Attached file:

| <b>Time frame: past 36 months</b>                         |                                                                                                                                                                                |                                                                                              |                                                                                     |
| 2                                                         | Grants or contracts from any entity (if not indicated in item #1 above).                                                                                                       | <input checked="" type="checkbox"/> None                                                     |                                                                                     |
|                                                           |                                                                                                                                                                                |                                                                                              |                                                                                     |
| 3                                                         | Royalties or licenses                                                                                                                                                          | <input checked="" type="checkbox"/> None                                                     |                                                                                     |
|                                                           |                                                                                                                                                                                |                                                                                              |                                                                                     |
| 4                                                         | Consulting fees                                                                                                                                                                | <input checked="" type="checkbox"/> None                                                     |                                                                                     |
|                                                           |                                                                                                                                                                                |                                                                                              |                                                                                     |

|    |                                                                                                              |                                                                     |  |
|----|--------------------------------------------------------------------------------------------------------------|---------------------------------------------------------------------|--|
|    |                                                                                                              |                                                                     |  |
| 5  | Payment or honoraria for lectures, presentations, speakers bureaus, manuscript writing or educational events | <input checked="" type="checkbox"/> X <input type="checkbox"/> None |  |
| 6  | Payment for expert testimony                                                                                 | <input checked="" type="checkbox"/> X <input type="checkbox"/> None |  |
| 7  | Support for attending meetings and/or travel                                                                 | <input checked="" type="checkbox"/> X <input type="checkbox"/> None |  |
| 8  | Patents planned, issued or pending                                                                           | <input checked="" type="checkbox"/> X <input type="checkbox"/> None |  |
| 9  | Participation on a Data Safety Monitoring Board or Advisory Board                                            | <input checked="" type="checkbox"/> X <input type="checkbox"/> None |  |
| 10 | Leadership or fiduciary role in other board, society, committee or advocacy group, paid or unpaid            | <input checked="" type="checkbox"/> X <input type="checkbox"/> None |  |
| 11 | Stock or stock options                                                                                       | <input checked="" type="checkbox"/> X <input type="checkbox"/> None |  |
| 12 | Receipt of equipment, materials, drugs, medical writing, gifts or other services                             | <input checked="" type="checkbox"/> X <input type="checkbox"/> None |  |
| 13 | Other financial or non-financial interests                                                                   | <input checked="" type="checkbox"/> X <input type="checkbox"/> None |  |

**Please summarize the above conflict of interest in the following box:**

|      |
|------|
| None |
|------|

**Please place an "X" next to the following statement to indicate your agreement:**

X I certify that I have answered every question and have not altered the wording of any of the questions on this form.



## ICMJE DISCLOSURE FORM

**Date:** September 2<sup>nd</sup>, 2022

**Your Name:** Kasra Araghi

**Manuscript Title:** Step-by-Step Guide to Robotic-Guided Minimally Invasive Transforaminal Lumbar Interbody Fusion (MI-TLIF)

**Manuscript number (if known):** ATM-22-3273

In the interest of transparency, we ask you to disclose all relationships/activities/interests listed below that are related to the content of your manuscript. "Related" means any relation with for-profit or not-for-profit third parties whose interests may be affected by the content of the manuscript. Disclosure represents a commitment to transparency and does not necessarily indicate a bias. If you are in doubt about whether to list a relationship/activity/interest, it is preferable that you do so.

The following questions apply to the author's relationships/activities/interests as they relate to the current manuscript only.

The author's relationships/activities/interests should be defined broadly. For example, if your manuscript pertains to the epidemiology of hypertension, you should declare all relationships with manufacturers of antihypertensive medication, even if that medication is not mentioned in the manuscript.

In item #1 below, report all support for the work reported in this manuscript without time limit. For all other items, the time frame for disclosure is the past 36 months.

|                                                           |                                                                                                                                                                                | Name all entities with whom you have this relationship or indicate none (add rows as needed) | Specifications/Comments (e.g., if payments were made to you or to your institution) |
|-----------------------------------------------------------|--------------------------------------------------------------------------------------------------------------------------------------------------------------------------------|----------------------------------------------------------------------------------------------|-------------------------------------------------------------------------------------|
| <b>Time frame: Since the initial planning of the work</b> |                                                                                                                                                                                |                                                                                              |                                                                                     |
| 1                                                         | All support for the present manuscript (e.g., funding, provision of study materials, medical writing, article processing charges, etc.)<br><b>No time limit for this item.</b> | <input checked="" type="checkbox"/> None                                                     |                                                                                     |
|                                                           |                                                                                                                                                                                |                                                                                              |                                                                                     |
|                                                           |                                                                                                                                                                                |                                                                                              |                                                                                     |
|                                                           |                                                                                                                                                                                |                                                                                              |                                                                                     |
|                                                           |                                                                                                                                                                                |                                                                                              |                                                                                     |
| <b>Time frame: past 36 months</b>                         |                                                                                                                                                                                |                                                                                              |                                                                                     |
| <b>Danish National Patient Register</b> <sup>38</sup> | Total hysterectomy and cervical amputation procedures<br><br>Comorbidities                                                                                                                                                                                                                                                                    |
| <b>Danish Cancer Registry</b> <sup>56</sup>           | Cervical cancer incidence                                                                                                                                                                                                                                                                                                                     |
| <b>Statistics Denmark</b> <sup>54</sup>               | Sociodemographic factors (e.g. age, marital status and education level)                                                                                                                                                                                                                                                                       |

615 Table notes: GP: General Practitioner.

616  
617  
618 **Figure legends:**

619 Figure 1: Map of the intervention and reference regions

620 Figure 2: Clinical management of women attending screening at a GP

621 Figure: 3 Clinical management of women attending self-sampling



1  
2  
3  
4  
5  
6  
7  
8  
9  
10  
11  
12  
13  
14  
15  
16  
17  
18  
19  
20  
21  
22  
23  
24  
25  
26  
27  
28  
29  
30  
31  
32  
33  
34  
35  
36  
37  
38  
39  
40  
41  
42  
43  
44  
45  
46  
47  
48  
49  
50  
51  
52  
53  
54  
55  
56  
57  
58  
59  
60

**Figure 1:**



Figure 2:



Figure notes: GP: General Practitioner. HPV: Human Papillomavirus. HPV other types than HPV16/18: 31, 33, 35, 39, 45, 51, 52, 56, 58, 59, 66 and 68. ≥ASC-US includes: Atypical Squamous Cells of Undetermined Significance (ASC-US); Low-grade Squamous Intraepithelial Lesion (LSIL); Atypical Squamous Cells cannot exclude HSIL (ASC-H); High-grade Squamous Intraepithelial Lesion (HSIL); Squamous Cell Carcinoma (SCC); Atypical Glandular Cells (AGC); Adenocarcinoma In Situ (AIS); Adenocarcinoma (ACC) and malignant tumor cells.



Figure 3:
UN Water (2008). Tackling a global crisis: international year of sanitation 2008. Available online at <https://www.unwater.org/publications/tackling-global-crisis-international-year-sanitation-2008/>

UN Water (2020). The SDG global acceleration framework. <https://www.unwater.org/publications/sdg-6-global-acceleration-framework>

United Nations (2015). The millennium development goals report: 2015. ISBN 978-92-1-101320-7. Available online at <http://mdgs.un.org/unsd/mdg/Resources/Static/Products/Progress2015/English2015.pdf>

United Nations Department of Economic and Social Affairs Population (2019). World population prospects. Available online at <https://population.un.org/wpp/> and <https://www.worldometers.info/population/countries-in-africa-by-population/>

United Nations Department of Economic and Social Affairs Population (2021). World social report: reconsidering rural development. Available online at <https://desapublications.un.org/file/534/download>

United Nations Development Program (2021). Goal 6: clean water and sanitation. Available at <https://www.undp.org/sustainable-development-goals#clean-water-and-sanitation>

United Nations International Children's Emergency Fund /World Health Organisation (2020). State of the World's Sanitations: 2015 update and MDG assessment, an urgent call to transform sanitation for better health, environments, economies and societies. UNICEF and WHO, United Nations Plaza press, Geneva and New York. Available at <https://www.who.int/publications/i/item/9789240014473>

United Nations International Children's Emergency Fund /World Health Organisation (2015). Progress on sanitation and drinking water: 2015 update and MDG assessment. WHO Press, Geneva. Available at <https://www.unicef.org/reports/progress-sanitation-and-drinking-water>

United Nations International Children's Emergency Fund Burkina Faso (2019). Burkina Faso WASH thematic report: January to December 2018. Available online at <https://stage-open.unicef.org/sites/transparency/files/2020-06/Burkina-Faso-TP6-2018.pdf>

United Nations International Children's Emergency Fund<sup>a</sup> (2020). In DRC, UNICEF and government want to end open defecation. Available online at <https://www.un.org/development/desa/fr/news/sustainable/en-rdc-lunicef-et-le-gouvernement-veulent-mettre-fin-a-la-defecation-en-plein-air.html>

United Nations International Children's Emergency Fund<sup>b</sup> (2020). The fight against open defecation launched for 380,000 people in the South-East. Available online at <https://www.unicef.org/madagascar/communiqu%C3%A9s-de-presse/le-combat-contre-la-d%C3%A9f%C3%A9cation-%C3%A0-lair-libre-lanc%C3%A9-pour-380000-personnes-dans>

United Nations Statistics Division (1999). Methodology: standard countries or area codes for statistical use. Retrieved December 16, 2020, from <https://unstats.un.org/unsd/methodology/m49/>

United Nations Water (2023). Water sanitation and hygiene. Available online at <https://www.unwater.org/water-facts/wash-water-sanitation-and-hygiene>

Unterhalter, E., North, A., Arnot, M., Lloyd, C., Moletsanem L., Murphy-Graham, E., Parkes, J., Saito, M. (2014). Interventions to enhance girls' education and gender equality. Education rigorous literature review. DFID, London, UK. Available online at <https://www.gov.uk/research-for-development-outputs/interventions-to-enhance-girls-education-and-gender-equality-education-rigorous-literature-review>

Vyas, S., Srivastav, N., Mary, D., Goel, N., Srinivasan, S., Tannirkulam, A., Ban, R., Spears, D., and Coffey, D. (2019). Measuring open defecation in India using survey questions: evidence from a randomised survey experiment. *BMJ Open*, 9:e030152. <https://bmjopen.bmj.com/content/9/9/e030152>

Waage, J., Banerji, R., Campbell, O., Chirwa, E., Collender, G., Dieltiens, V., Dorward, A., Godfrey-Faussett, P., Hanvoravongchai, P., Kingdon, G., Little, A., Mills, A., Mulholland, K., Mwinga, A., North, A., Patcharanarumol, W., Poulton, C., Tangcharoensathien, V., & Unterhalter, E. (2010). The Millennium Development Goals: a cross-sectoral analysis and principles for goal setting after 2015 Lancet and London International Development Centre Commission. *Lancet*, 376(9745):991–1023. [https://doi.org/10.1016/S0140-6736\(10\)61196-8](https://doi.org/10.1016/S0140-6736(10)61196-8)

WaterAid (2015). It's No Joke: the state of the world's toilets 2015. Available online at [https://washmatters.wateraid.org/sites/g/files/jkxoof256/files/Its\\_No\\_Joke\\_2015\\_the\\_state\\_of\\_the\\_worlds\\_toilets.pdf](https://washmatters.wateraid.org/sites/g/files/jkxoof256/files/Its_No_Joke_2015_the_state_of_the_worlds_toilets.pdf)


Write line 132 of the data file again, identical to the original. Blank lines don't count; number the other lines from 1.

Unterhalter, E., North, A., Arnot, M., Lloyd, C., Moletsanem L., Murphy-Graham, E., Parkes, J., Saito, M. (2014). Interventions to enhance girls' education and gender equality. Education rigorous literature review. DFID, London, UK. Available online at <https://www.gov.uk/research-for-development-outputs/interventions-to-enhance-girls-education-and-gender-equality-education-rigorous-literature-review>